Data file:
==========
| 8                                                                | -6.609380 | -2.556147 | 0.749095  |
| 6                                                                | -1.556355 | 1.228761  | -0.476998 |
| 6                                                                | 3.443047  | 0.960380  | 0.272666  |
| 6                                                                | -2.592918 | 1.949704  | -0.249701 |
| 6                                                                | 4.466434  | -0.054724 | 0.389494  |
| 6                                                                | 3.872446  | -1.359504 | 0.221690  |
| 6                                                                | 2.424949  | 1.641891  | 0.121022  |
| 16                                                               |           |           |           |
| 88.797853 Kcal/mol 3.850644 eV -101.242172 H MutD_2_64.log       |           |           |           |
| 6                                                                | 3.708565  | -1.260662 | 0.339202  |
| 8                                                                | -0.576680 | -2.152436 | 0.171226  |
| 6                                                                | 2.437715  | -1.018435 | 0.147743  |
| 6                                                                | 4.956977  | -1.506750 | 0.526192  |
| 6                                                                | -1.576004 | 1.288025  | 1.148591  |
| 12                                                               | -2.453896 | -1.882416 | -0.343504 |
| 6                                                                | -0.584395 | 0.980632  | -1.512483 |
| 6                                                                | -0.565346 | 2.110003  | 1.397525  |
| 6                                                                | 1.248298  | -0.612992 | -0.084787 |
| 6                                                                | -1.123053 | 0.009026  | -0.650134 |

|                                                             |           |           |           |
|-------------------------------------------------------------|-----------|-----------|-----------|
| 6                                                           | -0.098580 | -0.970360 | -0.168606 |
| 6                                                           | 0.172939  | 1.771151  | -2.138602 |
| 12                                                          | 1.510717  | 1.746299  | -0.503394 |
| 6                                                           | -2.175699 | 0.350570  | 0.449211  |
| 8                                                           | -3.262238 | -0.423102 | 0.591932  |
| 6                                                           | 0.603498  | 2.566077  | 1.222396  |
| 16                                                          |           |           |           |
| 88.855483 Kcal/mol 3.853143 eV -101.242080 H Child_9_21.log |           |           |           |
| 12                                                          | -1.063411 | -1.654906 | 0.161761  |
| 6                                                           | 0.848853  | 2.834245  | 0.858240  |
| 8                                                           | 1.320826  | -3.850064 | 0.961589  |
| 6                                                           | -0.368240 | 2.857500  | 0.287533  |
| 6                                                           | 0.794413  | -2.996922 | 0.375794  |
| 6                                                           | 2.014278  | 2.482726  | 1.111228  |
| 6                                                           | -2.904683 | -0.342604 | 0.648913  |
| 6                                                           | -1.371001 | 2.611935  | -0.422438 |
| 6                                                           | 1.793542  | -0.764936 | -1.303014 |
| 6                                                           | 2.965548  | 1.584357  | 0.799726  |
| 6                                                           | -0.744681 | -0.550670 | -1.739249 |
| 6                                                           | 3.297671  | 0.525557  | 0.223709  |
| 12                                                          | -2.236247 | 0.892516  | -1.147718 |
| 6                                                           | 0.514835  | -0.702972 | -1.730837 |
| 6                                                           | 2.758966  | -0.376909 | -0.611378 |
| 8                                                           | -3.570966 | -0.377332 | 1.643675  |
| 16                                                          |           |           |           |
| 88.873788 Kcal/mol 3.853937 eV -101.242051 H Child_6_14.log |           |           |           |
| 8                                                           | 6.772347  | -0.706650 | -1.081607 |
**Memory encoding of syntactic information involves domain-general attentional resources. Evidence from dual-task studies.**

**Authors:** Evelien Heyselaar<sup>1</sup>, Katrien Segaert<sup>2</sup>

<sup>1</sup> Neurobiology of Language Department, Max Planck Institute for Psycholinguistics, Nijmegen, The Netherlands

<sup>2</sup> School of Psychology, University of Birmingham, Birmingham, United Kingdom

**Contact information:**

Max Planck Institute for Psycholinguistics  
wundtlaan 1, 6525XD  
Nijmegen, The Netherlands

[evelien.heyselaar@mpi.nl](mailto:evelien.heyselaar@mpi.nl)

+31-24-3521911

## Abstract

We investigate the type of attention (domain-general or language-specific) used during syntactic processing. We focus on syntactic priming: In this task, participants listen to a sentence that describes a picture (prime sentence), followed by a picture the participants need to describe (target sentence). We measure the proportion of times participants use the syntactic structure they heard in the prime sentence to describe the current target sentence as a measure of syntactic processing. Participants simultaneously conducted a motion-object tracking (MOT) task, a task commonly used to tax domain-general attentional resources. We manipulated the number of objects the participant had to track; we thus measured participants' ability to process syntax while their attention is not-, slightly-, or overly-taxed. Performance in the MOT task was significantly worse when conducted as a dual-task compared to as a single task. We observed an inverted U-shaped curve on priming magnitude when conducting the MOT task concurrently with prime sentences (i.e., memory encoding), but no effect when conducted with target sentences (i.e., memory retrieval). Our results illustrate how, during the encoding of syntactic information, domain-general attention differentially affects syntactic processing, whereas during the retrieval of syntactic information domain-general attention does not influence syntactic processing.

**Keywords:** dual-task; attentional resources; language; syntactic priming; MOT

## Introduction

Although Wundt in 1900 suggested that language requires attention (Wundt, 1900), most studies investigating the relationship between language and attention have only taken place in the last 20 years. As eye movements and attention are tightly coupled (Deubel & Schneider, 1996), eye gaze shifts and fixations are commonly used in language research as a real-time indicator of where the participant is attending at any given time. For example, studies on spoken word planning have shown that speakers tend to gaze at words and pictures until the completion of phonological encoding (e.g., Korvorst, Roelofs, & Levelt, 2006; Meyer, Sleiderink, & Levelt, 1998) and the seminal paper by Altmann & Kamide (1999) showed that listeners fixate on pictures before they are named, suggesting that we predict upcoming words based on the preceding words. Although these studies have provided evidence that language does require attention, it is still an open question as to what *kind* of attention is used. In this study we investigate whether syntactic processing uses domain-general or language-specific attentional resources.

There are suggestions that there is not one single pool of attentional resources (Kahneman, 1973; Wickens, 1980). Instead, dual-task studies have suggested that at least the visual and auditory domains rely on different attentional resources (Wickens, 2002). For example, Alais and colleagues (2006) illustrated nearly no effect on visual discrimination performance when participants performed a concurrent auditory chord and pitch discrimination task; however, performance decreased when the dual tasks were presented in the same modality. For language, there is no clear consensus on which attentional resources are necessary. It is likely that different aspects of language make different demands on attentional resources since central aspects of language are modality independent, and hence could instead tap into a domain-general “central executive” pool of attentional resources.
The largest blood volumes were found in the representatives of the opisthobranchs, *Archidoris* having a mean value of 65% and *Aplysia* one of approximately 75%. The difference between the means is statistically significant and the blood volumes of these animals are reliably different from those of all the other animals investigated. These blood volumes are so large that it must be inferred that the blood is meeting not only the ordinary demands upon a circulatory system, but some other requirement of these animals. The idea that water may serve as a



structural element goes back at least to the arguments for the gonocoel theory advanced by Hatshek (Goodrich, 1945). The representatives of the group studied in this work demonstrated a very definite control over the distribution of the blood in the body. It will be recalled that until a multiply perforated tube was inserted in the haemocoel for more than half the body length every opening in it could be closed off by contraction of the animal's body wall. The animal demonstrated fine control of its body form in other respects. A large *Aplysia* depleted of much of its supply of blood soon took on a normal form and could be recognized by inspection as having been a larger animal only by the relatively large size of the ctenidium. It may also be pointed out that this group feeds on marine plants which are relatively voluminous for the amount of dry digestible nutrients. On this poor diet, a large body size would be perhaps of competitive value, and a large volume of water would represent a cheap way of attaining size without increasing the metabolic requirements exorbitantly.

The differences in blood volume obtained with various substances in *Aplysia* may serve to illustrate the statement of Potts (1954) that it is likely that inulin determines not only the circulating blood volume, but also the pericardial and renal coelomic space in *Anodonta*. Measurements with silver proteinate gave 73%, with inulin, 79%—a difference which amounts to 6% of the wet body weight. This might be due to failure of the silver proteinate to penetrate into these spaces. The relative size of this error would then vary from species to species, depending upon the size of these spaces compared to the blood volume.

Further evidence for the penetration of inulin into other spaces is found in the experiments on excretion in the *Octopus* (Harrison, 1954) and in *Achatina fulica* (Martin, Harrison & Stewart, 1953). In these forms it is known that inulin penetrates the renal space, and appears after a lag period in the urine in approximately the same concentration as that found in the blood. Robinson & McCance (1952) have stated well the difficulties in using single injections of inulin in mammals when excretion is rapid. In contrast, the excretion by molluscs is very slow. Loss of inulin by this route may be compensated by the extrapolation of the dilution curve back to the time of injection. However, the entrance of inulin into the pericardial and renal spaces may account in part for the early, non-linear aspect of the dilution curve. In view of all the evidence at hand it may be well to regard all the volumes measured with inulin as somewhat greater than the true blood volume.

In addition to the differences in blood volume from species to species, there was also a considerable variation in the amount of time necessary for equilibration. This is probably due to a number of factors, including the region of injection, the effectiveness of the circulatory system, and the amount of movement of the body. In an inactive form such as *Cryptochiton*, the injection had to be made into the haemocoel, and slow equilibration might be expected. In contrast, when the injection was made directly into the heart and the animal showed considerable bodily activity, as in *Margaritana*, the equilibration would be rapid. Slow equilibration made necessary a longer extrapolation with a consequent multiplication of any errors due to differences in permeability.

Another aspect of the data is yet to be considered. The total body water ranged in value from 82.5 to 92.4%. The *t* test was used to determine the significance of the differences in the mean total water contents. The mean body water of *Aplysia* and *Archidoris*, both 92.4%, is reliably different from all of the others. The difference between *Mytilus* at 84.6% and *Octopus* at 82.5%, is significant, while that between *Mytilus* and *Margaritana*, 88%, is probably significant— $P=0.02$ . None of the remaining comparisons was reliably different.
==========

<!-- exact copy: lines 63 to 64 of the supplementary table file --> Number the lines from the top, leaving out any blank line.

Although Wundt in 1900 suggested that language requires attention (Wundt, 1900), most studies investigating the relationship between language and attention have only taken place in the last 20 years. As eye movements and attention are tightly coupled (Deubel & Schneider, 1996), eye gaze shifts and fixations are commonly used in language research as a real-time indicator of where the participant is attending at any given time. For example, studies on spoken word planning have shown that speakers tend to gaze at words and pictures until the completion of phonological encoding (e.g., Korvorst, Roelofs, & Levelt, 2006; Meyer, Sleiderink, & Levelt, 1998) and the seminal paper by Altmann & Kamide (1999) showed that listeners fixate on pictures before they are named, suggesting that we predict upcoming words based on the preceding words. Although these studies have provided evidence that language does require attention, it is still an open question as to what *kind* of attention is used. In this study we investigate whether syntactic processing uses domain-general or language-specific attentional resources.

There are suggestions that there is not one single pool of attentional resources (Kahneman, 1973; Wickens, 1980). Instead, dual-task studies have suggested that at least the visual and auditory domains rely on different attentional resources (Wickens, 2002). For example, Alais and colleagues (2006) illustrated nearly no effect on visual discrimination performance when participants performed a concurrent auditory chord and pitch discrimination task; however, performance decreased when the dual tasks were presented in the same modality. For language, there is no clear consensus on which attentional resources are necessary. It is likely that different aspects of language make different demands on attentional resources since central aspects of language are modality independent, and hence could instead tap into a domain-general “central executive” pool of attentional resources.